free ebooks

A Popular History of France from the Earliest Time

Paris Duverney depreciated the coinage and put


[Illustration:

Cardinal Fleury--110]

The Bishop of Frejus had nursed his power more skilfully; he kept the list of benefices, and he alone, it was said, knew how to unloosen the king's tongue; but he had not calculated upon the pernicious and all-powerful influence of the Marchioness of Prie, favorite "by appointment" (_attitree_) to the duke. Clever, adroit, depraved, she aspired to govern, and chose for her minister Paris-Duverney, one of the four Dauphinese brothers who had been engaged under the regency in the business of the visa, and the enemies as well as rivals of the Scotsman Law. Whilst the king hunted, and Fleury exercised quietly the measure of power which as yet contented his desires, the duke, blinded by his passion for Madame de Prie, slavishly submissive to her slightest wishes, lavished, according to his favorite's orders, honors and graces in which she managed to traffic, enriching herself brazen-facedly. Under Louis XIV. Madame de Maintenon alone, exalted to the rank of wife, had taken part in state affairs; amidst the irregularity of his life the Regent had never accorded women any political influence, and the confusion of the orgie had never surprised from his lips a single important secret; Madame de Prie was the first to become possessed of a power destined to frequently fall, after her, into hands as depraved as they were feeble.

The strictness of the views and of the character of Paris-Duverney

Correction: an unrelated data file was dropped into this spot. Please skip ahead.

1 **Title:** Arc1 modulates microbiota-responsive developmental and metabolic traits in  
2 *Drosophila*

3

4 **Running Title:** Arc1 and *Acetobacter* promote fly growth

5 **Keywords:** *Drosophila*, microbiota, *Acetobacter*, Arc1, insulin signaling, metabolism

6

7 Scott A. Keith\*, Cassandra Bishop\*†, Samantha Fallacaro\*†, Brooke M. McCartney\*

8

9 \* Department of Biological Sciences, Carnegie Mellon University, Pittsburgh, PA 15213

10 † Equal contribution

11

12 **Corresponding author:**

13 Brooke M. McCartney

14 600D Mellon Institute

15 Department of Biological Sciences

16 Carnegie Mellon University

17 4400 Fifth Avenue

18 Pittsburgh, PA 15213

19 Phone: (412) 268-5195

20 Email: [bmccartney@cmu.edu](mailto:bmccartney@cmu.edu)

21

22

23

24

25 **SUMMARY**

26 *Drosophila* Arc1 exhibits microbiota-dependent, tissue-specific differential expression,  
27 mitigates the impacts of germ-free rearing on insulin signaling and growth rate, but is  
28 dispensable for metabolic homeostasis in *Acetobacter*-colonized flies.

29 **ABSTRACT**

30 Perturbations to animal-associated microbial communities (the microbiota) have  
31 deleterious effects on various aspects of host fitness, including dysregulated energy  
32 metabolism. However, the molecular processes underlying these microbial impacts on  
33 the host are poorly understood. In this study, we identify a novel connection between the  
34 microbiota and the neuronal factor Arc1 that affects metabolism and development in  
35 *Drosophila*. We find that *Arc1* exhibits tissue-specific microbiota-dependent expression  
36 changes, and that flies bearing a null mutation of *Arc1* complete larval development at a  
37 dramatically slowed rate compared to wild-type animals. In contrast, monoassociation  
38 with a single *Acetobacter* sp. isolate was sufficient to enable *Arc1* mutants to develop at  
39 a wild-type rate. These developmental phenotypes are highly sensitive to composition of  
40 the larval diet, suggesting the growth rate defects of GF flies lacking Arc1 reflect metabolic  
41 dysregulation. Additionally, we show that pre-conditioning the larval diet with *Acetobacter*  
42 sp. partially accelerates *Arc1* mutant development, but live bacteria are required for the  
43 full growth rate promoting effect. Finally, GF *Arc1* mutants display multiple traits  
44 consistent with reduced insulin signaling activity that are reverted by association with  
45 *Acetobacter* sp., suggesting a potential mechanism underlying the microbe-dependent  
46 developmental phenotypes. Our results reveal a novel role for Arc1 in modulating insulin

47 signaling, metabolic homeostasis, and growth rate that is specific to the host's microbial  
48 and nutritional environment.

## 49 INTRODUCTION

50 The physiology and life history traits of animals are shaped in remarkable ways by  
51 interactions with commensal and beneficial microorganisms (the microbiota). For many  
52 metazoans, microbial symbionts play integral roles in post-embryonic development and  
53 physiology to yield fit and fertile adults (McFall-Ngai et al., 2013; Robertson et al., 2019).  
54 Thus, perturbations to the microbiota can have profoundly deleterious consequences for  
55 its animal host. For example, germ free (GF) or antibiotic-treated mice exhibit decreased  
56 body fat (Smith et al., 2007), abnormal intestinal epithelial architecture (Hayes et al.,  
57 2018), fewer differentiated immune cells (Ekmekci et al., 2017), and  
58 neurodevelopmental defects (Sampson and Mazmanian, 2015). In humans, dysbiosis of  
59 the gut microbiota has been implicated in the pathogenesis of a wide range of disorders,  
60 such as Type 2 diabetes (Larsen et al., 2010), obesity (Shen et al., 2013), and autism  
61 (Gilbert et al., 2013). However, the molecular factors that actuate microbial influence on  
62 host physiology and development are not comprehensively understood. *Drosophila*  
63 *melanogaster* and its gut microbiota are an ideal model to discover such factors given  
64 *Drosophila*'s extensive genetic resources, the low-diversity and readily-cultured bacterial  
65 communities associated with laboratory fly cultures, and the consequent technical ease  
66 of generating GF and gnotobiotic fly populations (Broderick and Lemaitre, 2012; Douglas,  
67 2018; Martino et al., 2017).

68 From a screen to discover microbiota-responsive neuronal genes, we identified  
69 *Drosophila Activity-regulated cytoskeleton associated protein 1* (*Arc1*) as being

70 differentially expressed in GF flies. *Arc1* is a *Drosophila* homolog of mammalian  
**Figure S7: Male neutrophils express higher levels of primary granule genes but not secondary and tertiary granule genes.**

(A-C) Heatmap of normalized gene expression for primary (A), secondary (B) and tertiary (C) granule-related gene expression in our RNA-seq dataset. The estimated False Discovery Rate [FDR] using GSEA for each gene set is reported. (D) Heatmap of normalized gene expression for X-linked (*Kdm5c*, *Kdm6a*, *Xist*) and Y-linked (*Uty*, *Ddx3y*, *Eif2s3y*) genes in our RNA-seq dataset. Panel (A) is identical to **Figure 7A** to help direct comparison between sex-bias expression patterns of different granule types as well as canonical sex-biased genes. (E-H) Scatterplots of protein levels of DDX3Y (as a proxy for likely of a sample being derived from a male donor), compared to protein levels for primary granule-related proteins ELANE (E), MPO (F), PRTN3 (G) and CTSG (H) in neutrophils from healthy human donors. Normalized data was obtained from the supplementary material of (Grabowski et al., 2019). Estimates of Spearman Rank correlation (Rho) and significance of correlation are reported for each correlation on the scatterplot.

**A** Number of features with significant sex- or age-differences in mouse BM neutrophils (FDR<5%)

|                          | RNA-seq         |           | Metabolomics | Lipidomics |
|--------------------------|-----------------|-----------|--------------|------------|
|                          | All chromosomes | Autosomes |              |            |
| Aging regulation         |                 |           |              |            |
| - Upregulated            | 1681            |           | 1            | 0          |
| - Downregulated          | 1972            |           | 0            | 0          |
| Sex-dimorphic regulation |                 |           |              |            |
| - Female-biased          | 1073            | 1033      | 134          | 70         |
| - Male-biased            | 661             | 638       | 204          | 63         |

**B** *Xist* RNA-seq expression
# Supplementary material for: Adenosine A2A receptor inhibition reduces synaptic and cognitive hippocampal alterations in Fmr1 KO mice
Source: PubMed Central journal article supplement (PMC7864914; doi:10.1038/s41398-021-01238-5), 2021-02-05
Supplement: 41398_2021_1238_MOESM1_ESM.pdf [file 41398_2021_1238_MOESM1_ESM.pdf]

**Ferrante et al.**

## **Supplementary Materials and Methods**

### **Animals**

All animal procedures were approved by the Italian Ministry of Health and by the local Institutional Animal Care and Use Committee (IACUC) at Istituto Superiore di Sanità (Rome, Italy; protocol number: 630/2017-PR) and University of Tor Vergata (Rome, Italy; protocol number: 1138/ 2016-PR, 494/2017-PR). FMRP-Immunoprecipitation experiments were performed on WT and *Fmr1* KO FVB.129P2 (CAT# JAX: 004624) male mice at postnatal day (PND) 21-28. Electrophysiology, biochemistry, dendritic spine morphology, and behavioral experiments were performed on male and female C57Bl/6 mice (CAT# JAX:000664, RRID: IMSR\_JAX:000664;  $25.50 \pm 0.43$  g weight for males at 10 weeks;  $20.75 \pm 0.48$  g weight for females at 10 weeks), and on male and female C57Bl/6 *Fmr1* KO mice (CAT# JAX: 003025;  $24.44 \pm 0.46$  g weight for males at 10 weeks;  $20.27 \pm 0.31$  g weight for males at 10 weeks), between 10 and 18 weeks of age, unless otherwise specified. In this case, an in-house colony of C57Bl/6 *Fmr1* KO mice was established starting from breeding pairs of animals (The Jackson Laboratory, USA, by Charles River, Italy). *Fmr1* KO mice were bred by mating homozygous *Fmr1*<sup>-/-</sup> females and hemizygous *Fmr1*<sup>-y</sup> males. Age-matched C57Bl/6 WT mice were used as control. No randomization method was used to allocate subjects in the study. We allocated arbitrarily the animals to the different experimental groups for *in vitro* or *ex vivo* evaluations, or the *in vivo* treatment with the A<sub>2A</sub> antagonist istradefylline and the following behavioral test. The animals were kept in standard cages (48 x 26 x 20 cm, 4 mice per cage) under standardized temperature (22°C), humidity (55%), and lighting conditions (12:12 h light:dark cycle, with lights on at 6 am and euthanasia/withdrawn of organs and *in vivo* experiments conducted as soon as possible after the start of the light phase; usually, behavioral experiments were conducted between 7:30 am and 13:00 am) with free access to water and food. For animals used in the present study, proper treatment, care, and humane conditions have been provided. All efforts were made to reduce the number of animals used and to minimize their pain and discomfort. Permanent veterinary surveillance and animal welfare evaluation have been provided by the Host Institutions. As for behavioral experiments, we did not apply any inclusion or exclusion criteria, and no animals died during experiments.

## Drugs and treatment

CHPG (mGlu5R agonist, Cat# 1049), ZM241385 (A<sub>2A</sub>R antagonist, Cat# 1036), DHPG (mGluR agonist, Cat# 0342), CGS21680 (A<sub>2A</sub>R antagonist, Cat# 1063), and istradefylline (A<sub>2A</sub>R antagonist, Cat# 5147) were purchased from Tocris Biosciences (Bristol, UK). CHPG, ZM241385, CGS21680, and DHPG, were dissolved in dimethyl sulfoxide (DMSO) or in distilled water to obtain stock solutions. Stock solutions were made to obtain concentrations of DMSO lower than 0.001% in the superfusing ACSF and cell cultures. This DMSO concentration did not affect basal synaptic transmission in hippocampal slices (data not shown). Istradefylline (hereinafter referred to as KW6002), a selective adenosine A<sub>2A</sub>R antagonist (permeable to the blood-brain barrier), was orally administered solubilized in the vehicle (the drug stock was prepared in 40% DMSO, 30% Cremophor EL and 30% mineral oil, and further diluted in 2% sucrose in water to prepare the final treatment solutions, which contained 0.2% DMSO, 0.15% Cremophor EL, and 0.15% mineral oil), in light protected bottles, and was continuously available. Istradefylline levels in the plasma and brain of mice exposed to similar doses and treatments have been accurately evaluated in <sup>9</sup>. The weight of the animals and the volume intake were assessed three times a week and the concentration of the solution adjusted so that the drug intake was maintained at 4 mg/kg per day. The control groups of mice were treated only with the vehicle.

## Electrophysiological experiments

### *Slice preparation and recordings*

strove, nevertheless, in the home department, against the insensate lavishness of the duke, and the venal irregularities of his favorite; imbued with the maxims of order and regularity formerly impressed by Colbert upon the clerks of the treasury, and not yet completely effaced by a long interregnum, he labored zealously to cut down expenses and useless posts, to resuscitate and regulate commerce; his ardor, systematic and wise as it was, hurried him sometimes into strange violence and improvidence; in order to restore to their proper figure values and goods which still felt the prodigious rise brought about by the System, Paris-Duverney depreciated the coinage and put, a tariff on merchandise as well as wages. The commotion amongst the people was great; the workmen rioted, the tradesmen refused to accept the legal figure for their goods; several men were killed in the streets, and some shops put the shutters up. The misery, which the administration had meant to relieve, went on increasing; begging was prohibited; refuges and workshops were annexed to the poorhouses; attempts were made to collect there all the old, infirm, and vagabond. The rigor of procedure, as well as the insufficiency of resources, caused the failure of the philanthropic project. Lightly conceived, imprudently carried out, the new law filled the refuges with an immense crowd, taken up in all quarters, in the villages, and on the high roads; the area of the relieving-houses became insufficient. "Bedded on straw, and fed on bread and water as they ought to be," wrote the comptroller-general Dodun, "they will take up less room and be less expense." Everywhere the poor wretches sought to fly; they were branded on the arm, like criminals. All this rigor was ineffectual; the useful object of Paris-Duverney's decrees was not attained.


eBook Search
Social Sharing
Share Button
About us

freefictionbooks.org is a collection of free ebooks that can be read online. Ebooks are split into pages for easier reading and better bookmarking.

We have more than 35,000 free books in our collection and are adding new books daily.

We invite you to link to us, so as many people as possible can enjoy this wonderful free website.

© 2010-2013 freefictionbooks.org - All Rights Reserved.

Terms of Use | Privacy Policy | Contact Us